The Baptist and the Pharisees. 1:6-8, 19-28


In our passage for study the author of the fourth gospel affirms the preparatory work of John the Baptist. The Baptist is the one crying in the wilderness in preparation for the coming of the light of the world, a light that brings life. Yet, although the Baptist has a prestigious role, he is not even worthy to untie the sandals of the one who follows.

The passage

v6. John the Baptist, the forerunner, although a "man", is sent from God.

v7. The Baptist's task is to bear witness, to give testimony concerning the light of the world, in order that all might believe. Christ (the anointed one, Messiah) is that light, and this because he is the incarnate Word/revelation of God. God's truth enlightens and so enlivens. The Baptist bears witness that this light is coming into the world in the Christ who is even now in the midst of the people.

v8. In the face of the coming one, the greater one, the Baptist's greatness is subsumed.

v19. The authorities in Jerusalem send a delegation to find out what the Baptist is up to. The delegation is made up of members from some of the different religious parties. Our author calls them "the Jews", a term he often uses to describe the religious elite of Jerusalem.

v20. The Baptist states, in emphatic terms, that he is not the Christ. The authorities have not asked this question, but it is obviously on their mind.

v21. In line with prophetic expectation, the delegation asks the Baptist whether he is the new Elijah, or the new prophet who will precede the coming Messiah. The Baptist emphatically denies either designation. In Matthew's gospel, Jesus actually says that the Baptist was the Elijah, but obviously he does not realize this, or possibly has difficulty with such a prestigious title. The "prophet" is the prophet like Moses. In Christian tradition the prophet is Jesus.

v22. The delegation finds itself faced with a preacher who is gathering crowds to himself out in the wilderness, but is without authority. So, they ask him to explain himself.

v23. He goes on to quote Isaiah 40:3 to define his role, while making no claims for himself. He is just "a voice" in the wilderness. His role is to make a straight pathway for the coming Messiah, that is, to prepare the people for the coming of the Lord by preaching the gospel, 1:15-18, 29.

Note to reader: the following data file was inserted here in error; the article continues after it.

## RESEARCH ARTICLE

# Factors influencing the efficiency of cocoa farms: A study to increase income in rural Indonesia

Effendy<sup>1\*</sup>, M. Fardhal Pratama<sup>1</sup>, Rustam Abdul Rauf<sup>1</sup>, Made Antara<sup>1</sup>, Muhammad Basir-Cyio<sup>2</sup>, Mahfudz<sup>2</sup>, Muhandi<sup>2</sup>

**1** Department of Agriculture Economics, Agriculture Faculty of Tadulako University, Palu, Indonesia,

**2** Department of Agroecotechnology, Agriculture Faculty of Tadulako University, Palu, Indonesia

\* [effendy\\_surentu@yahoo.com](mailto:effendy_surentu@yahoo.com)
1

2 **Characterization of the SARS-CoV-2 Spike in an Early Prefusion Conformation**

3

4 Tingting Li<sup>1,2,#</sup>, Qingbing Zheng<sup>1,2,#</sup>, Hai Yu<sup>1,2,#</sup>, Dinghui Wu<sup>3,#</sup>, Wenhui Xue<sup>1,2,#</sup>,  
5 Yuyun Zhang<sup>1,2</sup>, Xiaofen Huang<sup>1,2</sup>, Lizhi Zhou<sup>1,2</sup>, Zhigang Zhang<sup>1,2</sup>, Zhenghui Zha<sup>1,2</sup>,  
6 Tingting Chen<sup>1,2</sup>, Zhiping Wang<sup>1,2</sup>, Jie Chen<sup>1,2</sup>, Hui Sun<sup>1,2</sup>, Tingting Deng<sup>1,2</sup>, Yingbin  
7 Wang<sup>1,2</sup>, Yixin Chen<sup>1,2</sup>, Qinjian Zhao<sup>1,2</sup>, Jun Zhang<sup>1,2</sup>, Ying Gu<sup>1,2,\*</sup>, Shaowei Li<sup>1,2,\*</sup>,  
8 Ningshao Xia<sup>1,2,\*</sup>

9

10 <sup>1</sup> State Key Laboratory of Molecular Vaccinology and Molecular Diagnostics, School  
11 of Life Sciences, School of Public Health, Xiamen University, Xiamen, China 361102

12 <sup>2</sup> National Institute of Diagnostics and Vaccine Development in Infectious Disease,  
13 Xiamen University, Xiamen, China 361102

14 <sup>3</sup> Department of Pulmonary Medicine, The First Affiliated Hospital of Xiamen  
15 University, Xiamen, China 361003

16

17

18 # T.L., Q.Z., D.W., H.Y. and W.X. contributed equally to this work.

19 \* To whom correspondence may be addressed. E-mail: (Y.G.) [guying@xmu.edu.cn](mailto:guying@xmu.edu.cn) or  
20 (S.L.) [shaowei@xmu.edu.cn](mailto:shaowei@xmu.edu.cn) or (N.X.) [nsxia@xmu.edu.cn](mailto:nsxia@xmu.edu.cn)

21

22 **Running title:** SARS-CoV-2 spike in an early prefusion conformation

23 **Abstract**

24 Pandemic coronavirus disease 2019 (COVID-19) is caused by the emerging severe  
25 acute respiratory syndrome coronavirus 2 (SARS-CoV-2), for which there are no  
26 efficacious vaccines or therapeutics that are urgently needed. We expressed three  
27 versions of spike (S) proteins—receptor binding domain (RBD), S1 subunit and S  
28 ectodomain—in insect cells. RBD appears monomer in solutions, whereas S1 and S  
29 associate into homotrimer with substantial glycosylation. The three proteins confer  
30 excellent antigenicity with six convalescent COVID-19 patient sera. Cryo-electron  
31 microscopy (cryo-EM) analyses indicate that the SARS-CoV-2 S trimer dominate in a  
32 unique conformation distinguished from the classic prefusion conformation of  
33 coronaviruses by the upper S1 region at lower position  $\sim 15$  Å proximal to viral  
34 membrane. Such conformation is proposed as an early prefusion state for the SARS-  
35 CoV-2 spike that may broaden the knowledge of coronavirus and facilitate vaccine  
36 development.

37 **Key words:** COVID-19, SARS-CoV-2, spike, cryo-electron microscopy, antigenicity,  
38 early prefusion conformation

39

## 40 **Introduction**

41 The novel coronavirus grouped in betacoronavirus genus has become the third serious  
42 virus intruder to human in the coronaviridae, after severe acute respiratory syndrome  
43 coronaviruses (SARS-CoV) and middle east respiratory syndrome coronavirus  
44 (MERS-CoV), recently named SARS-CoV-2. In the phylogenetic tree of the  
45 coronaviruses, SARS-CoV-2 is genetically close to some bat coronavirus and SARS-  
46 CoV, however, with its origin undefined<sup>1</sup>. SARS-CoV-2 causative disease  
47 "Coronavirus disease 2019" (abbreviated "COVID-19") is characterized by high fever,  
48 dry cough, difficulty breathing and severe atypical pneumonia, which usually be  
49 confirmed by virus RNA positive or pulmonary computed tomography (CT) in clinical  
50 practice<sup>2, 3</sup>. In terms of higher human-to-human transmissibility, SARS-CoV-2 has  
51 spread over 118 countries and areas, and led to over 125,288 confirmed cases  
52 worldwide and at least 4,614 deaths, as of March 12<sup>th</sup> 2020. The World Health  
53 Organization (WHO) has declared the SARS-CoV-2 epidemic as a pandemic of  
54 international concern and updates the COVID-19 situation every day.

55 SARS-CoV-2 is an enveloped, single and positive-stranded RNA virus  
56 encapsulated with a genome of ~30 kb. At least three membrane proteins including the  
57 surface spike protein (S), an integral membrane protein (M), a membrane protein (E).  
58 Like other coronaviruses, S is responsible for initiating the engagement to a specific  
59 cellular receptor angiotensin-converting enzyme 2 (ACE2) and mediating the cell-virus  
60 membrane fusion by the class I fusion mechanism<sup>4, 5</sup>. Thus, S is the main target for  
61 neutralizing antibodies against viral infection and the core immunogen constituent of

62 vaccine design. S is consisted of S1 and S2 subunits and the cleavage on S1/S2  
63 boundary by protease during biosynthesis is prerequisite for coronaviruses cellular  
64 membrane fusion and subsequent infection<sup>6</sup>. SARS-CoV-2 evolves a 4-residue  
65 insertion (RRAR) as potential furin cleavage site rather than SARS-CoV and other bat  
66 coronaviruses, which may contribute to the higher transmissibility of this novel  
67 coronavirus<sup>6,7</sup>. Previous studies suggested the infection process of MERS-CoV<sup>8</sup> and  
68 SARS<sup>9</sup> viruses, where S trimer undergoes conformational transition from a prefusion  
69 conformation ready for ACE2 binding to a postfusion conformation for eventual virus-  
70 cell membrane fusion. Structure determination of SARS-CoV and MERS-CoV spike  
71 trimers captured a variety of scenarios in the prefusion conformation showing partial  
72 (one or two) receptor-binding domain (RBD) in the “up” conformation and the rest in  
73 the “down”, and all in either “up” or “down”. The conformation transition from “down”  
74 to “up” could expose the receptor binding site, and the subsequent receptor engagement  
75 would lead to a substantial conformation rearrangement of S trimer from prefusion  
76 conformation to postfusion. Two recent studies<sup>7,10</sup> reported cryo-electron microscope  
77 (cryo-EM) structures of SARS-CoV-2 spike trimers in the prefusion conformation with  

v24. Some Pharisees in the delegation take the questioning further.

v25. Water baptism, as a sign of spiritual cleansing, was performed on Gentile families who had converted to Judaism. There was also an expectation that with the coming of the messiah, Israel itself would undergo a water rite, Ezk.36:25, Zech.13:1. So, the Pharisees want to know why the Baptist is performing this right if he is not the expected Christ, Elijah or the prophet.



v26-27. The Baptist emphatically states that all he does is baptize (immerse) people in water. He points away from himself to the one who is coming, who even now stands among the people, but is not recognized at the present moment. The Son is the one to focus on, he is the great one, whereas John the Baptist feels he is not worthy to undertake the most menial task for the one who is "among" his people. We expect to hear him say that the coming one will baptize with the Spirit, but he says nothing; his focus is on the person and not his work.

v28. Our author identifies where the Baptist is doing his baptizing and notes that "Bethany" is not the Bethany near Jerusalem. This locality cannot be identified.

The testimony of John the Baptist

The fourth gospel assembles a range of testimonies, in word and sign, to Jesus. They all point to the person of Jesus, "the one and only Son, who came from the Father, full of grace and truth", and all expand the Old Testament image of this coming one, this divine messiah. In the prologue of John's gospel we are told that Jesus is the embodiment of God's creative Word; he is light, a light that gives life.

In John's gospel the first testimony to the life-giving light is given by John the Baptist. He bears witness to the light so that people might believe and therefore possess life. To drive home the difference between the witness and the light, the person and work of the Baptist is downplayed - he is a mere "man". The Baptist may have a divine mission, but unlike the Son, he does not have a divine nature. Also, in preparation for the coming Son, the Baptist serves as nothing more than a voice crying in the wilderness. He is not the light, he comes only to witness to the Son. Finally, although in tradition there is no human greater than John the Baptist, we are told that he is a mere nothing in comparison to the Son; he is not even worthy to untie the straps of the Son's sandals.

Although we are tempted to look at the Baptist and draw some conclusions about his faith, the author of John's gospel does not allow us to take our eyes off the Son. This "coming" one is light and in this light there is life. The passage forces us to recognize the glory of Jesus, bathe in his light and so possess his life.

In John's gospel we are invited to move our eyes from the immediate struggle of life to the one who is "full of grace and truth." When we do this, then like the Baptist, our status, standing, problems, dreams, loss...... seem like nothing. The troubles of life lose their power in the presence of the one who is everything.


Some commentators suggest that the evangelist is downplaying the Baptist to counter the influence of his followers in the early church. Why is this unlikely?

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